An old-school form of discipline remains popular in Alabama. The Education Department's Office for Civil Rights has found that almost 19,000 children—2.5% of the state's students—got paddled in public schools during the 2013-2014 school year, reports AL.com. Boys get hit more than girls, and black children were paddled at a disproportionate rate compared to whites. It's a long-standing (and legal) disciplinary tradition in the state that locals don't seem terribly motivated to change: The National Education Association wants the practice banned, but the Alabama Education Association has stayed mum—despite the fact that it's illegal to paddle an adult in the state, per an opinion piece on AL.com.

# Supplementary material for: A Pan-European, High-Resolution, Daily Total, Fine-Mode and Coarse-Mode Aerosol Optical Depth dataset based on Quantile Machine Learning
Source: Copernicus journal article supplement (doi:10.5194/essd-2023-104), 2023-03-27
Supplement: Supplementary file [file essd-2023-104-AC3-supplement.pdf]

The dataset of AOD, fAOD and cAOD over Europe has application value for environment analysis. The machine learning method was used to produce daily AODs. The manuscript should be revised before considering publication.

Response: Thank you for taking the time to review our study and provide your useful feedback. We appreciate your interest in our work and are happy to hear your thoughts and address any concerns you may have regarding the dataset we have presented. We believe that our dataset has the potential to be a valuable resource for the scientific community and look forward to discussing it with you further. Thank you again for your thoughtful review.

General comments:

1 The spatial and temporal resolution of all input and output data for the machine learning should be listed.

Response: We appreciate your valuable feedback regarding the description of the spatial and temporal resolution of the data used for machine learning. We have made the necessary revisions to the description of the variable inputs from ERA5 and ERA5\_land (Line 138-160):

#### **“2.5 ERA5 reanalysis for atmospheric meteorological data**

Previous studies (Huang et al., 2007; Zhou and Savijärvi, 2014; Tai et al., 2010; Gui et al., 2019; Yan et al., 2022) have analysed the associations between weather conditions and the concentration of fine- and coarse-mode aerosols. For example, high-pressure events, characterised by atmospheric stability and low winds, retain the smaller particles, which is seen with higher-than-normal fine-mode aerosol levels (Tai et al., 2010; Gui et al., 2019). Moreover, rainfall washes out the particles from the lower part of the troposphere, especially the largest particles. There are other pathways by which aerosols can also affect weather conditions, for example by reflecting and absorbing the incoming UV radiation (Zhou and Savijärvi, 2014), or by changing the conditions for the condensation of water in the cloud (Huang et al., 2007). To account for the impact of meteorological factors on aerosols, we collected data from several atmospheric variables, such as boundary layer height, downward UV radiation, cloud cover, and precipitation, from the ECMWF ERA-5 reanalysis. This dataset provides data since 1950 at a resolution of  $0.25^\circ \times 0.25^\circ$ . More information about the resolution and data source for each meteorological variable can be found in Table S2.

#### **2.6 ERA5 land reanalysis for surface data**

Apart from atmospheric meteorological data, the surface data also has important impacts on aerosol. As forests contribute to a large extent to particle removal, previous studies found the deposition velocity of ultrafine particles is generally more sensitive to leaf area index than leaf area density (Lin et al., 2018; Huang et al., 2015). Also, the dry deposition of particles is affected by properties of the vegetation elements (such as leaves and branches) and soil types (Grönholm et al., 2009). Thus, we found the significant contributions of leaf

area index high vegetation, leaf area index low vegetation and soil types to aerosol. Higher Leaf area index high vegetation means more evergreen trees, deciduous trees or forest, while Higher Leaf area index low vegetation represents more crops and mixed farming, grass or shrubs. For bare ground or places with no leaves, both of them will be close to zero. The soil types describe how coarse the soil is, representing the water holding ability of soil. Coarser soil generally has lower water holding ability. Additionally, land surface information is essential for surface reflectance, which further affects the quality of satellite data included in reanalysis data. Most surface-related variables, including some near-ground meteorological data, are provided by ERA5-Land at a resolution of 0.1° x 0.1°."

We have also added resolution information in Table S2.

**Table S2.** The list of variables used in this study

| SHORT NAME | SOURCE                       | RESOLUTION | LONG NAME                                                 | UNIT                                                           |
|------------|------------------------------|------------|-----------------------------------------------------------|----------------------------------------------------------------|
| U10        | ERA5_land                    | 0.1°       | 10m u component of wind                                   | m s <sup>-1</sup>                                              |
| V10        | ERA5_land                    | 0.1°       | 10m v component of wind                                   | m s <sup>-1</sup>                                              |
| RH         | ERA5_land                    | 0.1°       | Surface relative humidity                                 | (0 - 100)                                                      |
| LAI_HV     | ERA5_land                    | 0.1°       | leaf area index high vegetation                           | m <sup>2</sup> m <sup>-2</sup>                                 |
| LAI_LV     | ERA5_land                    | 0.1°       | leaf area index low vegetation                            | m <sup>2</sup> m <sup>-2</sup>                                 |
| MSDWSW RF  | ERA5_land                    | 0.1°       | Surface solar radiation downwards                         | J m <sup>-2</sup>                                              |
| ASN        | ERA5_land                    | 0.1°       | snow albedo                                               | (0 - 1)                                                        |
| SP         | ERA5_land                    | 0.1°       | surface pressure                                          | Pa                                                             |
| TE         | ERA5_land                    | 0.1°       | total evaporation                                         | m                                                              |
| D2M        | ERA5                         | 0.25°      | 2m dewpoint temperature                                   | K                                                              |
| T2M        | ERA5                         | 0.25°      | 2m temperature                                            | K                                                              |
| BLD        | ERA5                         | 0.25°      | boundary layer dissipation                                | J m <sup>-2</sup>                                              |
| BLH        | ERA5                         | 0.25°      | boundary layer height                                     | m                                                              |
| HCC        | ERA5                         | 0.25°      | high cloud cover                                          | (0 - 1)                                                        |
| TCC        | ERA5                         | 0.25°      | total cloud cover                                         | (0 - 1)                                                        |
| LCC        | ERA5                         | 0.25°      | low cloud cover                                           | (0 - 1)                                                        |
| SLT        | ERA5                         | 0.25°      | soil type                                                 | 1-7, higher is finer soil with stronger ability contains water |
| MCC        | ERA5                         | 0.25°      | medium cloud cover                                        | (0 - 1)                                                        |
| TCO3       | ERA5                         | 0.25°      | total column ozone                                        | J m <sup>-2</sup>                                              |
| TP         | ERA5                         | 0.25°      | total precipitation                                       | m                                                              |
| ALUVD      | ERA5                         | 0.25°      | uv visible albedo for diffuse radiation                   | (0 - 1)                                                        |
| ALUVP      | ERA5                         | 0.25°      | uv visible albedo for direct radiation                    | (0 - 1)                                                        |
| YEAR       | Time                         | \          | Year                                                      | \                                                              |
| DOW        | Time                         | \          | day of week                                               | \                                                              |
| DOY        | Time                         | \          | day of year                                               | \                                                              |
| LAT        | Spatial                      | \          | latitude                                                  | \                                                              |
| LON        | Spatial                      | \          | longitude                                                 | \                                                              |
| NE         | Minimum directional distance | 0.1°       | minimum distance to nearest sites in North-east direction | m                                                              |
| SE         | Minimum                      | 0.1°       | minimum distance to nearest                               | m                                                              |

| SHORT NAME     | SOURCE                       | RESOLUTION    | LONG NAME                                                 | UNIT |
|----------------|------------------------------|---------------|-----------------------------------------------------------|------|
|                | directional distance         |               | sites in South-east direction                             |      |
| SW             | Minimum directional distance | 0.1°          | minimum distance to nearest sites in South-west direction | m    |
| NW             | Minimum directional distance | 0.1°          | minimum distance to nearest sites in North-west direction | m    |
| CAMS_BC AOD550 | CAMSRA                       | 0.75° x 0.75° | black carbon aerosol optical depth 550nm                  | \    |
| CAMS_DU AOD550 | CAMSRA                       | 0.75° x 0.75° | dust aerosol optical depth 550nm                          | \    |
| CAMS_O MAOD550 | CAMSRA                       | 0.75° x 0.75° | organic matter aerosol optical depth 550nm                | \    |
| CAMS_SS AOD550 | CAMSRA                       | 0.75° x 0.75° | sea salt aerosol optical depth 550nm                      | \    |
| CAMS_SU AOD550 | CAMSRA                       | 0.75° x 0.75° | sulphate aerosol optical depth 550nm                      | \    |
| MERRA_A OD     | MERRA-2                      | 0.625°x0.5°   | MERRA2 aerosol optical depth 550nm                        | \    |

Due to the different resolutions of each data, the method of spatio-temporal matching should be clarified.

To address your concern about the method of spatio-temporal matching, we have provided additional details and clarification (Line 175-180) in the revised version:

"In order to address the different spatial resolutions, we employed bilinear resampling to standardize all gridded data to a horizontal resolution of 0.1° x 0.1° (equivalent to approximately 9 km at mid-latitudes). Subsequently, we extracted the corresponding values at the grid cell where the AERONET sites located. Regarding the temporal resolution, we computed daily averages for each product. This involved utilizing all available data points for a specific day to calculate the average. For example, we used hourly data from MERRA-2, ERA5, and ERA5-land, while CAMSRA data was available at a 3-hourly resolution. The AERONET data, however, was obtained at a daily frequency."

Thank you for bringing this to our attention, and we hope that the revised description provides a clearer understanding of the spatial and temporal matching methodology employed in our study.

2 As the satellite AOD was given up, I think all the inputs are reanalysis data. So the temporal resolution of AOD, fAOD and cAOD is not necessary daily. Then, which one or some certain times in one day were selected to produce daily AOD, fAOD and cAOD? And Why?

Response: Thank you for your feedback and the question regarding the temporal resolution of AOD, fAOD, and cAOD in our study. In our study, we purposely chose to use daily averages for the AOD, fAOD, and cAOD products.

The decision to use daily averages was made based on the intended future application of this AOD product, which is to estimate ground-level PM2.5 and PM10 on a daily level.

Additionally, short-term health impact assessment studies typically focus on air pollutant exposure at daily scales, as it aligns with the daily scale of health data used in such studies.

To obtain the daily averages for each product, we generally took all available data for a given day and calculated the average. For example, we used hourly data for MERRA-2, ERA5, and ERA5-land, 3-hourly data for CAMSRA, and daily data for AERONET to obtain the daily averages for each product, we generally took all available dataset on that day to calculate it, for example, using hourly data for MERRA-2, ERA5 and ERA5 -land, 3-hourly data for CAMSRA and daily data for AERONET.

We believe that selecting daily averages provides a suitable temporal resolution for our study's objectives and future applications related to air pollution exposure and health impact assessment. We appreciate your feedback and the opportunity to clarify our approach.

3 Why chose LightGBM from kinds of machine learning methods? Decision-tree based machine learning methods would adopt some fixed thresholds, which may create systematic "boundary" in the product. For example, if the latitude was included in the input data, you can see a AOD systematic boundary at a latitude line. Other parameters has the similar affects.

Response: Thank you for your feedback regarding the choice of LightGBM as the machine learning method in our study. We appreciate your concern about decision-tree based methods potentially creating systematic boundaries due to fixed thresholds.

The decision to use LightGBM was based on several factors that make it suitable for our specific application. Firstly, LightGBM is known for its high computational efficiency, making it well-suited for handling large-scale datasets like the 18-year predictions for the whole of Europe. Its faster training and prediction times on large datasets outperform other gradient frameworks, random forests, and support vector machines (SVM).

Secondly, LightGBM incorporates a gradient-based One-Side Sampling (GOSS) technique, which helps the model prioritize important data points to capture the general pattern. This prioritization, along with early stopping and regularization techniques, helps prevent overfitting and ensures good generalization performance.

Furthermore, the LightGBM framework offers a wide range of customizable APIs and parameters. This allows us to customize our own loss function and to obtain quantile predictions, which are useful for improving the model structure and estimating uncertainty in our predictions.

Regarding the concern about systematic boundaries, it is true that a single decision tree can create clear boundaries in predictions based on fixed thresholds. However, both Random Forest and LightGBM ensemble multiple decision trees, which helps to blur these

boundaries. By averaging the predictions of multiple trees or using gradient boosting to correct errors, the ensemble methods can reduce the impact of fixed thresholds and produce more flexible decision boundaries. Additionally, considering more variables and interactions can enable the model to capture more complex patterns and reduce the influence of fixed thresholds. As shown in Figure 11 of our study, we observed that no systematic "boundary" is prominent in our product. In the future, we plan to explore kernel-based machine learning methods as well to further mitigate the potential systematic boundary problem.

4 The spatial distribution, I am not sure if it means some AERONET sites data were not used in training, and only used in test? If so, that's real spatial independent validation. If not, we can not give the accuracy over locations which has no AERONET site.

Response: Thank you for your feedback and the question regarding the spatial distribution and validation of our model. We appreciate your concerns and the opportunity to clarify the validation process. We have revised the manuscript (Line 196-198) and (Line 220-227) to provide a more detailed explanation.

UNICEF's "Violence Against Children" report doesn't exactly support paddling enthusiasts, noting that studies have linked corporal punishment to poor mental health, social issues, and academic problems. And many educational and child advocacy groups, including the American Psychological Association and the American Academy of Pediatrics, agree it's ill-advised. But a 1977 Supreme Court decision ruled corporal punishment was not cruel and unusual and that schools could decide whether to use it—and in 1995, Alabama lawmakers gave public schools the right to do so. Most of the states that allow paddling (21 states reported it in the 2013-'14 school year) are in the South. (Fifty years of spanking studies analyzed here.)